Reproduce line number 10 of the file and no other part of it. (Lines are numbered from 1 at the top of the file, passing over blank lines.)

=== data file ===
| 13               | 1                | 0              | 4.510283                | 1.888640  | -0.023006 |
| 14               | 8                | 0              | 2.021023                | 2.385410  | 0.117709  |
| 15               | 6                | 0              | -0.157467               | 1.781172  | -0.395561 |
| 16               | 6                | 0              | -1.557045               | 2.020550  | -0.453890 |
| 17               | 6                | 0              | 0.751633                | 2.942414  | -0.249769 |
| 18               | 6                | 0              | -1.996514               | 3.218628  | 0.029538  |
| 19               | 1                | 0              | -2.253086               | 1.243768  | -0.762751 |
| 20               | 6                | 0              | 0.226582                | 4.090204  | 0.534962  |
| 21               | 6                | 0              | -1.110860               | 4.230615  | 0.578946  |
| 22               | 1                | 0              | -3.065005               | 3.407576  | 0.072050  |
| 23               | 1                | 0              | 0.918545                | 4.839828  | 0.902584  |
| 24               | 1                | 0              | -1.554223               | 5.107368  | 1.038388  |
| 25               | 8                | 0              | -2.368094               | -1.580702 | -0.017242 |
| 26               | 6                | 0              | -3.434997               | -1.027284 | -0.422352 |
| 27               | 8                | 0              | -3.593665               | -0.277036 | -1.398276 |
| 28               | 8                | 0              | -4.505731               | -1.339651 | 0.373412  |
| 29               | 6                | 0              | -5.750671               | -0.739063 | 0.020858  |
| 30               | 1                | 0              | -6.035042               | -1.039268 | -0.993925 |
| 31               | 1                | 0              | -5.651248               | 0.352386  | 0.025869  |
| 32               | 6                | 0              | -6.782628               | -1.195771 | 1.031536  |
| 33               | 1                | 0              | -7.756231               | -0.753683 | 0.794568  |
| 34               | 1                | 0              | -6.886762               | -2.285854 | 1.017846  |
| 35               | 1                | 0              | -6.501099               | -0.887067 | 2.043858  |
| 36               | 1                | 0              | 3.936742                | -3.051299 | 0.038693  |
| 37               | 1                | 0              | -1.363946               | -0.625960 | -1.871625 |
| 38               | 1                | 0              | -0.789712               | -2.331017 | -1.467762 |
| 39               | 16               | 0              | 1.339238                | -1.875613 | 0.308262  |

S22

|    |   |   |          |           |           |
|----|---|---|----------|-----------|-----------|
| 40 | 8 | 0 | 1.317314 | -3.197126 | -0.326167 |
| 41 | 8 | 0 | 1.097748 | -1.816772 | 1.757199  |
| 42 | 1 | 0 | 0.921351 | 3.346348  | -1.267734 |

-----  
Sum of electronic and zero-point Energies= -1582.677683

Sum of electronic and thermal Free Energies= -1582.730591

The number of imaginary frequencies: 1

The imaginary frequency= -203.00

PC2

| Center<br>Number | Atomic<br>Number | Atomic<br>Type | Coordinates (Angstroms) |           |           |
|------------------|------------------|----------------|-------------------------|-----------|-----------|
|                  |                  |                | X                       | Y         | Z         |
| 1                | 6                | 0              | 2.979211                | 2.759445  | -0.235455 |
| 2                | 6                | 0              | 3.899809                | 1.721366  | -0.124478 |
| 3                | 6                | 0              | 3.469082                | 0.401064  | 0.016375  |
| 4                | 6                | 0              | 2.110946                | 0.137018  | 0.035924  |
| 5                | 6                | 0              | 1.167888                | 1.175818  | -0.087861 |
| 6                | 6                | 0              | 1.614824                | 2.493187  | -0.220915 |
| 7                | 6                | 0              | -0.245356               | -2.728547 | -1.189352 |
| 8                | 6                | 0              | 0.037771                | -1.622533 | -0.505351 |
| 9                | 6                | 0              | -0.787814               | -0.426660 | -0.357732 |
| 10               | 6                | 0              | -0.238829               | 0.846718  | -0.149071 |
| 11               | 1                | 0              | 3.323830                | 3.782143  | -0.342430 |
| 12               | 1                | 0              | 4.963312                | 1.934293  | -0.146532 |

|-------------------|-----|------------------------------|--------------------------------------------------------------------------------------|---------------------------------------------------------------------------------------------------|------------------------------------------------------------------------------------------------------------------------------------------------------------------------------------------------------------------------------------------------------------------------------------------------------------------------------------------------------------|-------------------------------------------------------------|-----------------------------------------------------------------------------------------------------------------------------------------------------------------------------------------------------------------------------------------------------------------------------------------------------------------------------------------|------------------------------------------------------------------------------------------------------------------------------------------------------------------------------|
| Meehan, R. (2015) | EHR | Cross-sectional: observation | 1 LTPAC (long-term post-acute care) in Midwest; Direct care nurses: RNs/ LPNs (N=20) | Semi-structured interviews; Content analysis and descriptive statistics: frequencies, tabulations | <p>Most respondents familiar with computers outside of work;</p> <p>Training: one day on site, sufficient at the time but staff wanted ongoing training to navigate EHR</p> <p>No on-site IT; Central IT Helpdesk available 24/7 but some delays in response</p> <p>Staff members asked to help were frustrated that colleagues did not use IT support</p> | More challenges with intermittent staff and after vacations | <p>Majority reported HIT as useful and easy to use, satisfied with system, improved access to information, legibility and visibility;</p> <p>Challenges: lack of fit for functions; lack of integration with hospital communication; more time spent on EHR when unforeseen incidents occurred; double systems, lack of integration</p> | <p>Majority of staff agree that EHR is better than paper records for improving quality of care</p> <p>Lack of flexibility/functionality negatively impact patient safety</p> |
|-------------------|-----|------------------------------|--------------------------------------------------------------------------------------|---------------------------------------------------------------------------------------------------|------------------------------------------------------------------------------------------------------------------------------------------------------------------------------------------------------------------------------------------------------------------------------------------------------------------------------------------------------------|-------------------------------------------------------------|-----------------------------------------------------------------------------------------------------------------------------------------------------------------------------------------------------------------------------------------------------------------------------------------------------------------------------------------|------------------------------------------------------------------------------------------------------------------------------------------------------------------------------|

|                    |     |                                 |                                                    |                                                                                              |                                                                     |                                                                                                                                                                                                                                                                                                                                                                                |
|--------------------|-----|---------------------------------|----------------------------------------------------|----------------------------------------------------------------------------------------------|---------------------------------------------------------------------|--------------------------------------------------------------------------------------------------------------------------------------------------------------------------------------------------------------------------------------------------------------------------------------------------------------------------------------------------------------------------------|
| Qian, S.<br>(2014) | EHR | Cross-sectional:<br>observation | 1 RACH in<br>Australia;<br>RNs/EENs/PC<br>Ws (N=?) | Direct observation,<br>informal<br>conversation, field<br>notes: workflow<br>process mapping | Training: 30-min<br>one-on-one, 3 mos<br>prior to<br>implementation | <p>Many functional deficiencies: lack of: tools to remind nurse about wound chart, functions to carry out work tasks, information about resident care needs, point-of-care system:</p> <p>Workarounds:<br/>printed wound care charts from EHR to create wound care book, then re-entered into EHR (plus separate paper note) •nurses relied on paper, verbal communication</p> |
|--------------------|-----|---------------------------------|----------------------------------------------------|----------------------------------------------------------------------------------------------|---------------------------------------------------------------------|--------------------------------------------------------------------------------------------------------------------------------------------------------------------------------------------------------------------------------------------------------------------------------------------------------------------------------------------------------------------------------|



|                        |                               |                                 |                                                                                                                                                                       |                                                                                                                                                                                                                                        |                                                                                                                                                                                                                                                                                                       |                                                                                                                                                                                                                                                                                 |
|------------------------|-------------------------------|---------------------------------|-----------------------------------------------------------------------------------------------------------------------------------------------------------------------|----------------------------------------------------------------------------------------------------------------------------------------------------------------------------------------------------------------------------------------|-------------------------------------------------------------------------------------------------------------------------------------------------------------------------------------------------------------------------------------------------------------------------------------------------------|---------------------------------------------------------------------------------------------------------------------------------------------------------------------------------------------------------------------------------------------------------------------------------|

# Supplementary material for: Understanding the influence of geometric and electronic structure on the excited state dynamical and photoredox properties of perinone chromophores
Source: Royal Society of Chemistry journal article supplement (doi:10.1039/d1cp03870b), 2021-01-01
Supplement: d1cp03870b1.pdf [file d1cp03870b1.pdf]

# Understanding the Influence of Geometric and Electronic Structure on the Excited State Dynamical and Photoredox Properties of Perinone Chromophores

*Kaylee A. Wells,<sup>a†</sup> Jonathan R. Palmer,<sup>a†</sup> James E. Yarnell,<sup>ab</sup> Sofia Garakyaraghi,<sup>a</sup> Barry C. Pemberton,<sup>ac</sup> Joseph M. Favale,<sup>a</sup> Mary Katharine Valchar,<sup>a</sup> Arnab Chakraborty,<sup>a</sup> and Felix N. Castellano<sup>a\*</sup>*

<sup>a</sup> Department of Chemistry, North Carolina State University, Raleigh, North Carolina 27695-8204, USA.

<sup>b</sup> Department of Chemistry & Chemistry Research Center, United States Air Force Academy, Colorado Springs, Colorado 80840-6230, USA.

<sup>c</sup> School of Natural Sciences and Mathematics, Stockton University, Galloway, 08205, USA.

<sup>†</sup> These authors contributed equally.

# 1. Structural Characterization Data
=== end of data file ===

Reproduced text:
| 22               | 1                | 0              | -3.065005               | 3.407576  | 0.072050  |